Monthly Archives: December 2013

Minimum difference between two sorted arrays

Given two arrays sorted in ascending order, find the absolute minimum difference between any pair of elements |a-b| such that a is from one array and b is from another array.

For example consider the following two arrays.

array1 = [3, 27, 45, 68, 70, 81, 99]
array2 = [9, 16, 25, 35, 70, 84]
The minimum difference is 2 (27-25).
This can be calculated using the following algorithm.
  1. Take two indices i, j which point to the beginning of the two arrays (i.e 0)
  2. Take variable MinDiff and assign it the maximum possible value
  3. If array1[i] and array2[j] are equal return 0 
  4. Otherwise update MinDiff if abs( array1[i] – array2[j] ) is the new minimum.
  5. If array1[i] > array2[j] move second index(j) forward otherwise move first index (i) forward.
  6. Repeat the above procedure until we reach the end of any of the two arrays.
  7. Finally process the remaining part of left-over array to update MinDiff

This algorithm takes linear time – O(n) and constant space O(1). Here is the Java implementation of the above algorithm.
 

Finding the kth smallest element in the array

Given an array of numbers, how do we efficiently find the Kth smallest number in it?

This problem is also called the selection problem. Widely used in order statistic (Find the smallest, biggest, median, top K elements etc…)

For example in the array [6, 1, 9, 8, 3, 5, 4] the third smallest element is 4.
An obvious approach could be to sort the entire array and return the element array[K-1]. But this approach takes O(n log n) time in the worst case (Sorting time).
Another simple approach could be to perform first K steps in either insertion sort or selection sort which gives us the required element. But this approach takes time proportional to K.
Can we do better than this?
We can use the partition method used in Quick sort to solve this problem. The partition method divides the array into two parts based on a pivot element. The pivot element is in it’s correct position. All the elements to the left of it are less than or equal to pivot, and all the elements to the right of it are greater than pivot. Finally it returns the pivot position.
We can compare the pivot with K. If it is equal  we are done!. If pivot is less than K, we need to search the right-side partition otherwise we need to search the left side partition.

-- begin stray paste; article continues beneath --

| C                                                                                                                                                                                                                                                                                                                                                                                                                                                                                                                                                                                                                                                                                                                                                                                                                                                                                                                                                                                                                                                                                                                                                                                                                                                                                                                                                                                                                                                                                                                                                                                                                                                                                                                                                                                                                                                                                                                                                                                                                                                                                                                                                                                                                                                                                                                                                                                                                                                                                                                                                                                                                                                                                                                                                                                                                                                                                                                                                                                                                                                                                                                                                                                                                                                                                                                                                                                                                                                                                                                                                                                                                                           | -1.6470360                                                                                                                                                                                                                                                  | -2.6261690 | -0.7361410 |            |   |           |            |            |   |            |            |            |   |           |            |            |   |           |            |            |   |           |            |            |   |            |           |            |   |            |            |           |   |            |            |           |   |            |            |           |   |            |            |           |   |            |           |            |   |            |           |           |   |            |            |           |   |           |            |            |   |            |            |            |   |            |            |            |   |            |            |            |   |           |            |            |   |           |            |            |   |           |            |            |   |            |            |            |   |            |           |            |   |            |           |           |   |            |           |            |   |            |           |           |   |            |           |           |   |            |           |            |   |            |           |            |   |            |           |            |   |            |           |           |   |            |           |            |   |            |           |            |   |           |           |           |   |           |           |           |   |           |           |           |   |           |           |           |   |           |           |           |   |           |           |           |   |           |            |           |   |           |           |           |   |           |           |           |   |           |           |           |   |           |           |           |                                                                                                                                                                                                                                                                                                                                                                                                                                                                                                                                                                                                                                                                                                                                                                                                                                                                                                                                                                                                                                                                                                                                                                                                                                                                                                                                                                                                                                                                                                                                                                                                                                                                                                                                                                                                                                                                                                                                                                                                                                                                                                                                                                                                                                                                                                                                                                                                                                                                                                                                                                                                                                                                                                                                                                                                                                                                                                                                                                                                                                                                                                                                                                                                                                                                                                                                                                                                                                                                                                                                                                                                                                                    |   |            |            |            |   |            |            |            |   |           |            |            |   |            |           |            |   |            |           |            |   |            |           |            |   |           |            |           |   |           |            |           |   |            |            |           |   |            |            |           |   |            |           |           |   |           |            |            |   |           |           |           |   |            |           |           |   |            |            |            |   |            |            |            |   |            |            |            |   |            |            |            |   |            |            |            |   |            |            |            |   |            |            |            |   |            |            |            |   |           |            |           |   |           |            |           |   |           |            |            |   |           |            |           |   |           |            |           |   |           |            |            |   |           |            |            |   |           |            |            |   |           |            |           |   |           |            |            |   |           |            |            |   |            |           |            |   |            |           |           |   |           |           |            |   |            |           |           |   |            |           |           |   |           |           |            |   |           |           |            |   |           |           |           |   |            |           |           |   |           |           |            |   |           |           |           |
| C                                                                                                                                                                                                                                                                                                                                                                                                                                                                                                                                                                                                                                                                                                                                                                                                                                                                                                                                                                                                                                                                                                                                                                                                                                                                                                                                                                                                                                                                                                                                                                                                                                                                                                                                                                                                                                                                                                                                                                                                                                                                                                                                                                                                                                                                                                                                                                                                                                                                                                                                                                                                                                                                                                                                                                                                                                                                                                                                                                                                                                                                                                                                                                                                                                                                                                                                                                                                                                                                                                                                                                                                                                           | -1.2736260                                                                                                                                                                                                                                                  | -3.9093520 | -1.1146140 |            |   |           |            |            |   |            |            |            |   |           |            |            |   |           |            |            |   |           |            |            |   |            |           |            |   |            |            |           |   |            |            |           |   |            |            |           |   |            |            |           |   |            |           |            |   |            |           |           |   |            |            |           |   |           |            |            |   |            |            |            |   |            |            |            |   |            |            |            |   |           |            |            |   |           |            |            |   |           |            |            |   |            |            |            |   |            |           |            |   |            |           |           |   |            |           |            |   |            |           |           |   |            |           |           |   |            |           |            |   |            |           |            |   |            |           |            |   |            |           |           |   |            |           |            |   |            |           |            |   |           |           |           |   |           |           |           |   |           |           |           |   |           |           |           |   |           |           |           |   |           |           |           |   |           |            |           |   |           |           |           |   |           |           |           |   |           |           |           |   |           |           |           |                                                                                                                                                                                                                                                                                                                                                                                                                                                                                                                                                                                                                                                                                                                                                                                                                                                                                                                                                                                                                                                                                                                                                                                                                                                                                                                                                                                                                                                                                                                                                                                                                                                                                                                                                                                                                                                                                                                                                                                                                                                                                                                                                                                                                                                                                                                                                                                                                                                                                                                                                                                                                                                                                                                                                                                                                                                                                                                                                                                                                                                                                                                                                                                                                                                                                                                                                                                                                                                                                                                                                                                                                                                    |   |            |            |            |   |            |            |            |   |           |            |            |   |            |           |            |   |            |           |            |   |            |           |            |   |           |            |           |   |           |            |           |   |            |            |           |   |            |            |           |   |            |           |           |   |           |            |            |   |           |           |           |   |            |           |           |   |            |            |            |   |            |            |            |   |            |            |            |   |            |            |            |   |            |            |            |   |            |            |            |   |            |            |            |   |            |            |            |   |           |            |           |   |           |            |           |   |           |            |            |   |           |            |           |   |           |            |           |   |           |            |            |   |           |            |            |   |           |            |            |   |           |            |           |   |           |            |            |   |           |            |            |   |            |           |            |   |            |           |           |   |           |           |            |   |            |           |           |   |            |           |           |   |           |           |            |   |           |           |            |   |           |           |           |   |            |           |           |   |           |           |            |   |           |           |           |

Here is the Java implementation of the above algorithm.

Depth first traversal in a graph

Depth First Search (DFS) is graph traversal algorithm. Using this algorithm, given a source vertex (s), we can answer queries such as 
  • What are the all the vertices connected to s?
  • Is there any path from s to v?
  • What is the path from s to v?

For example consider the following undirected graph.

0 is connected to 7 via the path 0 – 2 – 7. But 0 is not connected to 4 or 5 or 6.
The DFS algorithm works by starting at the source vertex, and start exploring the un-visited vertices adjacent to the source vertex. For each of the un-visited vertices, this procedure is recursively applied. So this procedure inherently uses the stack data structure.

We maintain a marked[] array to keep track of the visited vertices. To check if a vertex ‘v’ is reachable from ‘s’, we just need to examine marked[v]. If it true, ‘v’ is connected to ‘s’. Otherwise they not connected.

We also create edgeTo attribute for each vertex which indicates from which vertex, this is being explored. Using this attribute, we can trace the path from a vertex to the source.

In the implementation of this algorithm, we use the adjacency list representation of the graph.



Minimum coin change problem

Given a set of denominations and an amount, how do we minimize the number of coins to make up the given amount?
Let us consider the set of denominations {1,3,4}. Also assume that we have infinite supply of coins for each denomination. To make change for 6, we can have three combinations
{1,1,4}
{1,1,1,3}
{3,3}
The minimum number of coins to make change for 6 is ‘2‘.
This problem can be efficiently solved using dynamic programming approach. Let us formulate the problem in terms of it’s sub-problems.
Let the amount be T and the given denominations are {d1,d2,…dn}. Create an array of size (T+1) denoted by MC[].
MC[K] denotes the minimum number coins required for amount K. It can be defined as follows

Min{ MC[K-d1], MC[K-d2],…MC[K-dn] } + 1 
This means that we can find the solution of a problem from it’s sub-problems and it has optimal sub-structure property suggesting the dynamic programming solution. 

Following is the C++ implementation of the above algorithm.

Finding the edit distance between two strings

Given two strings as input, write a program to find the edit distance between them.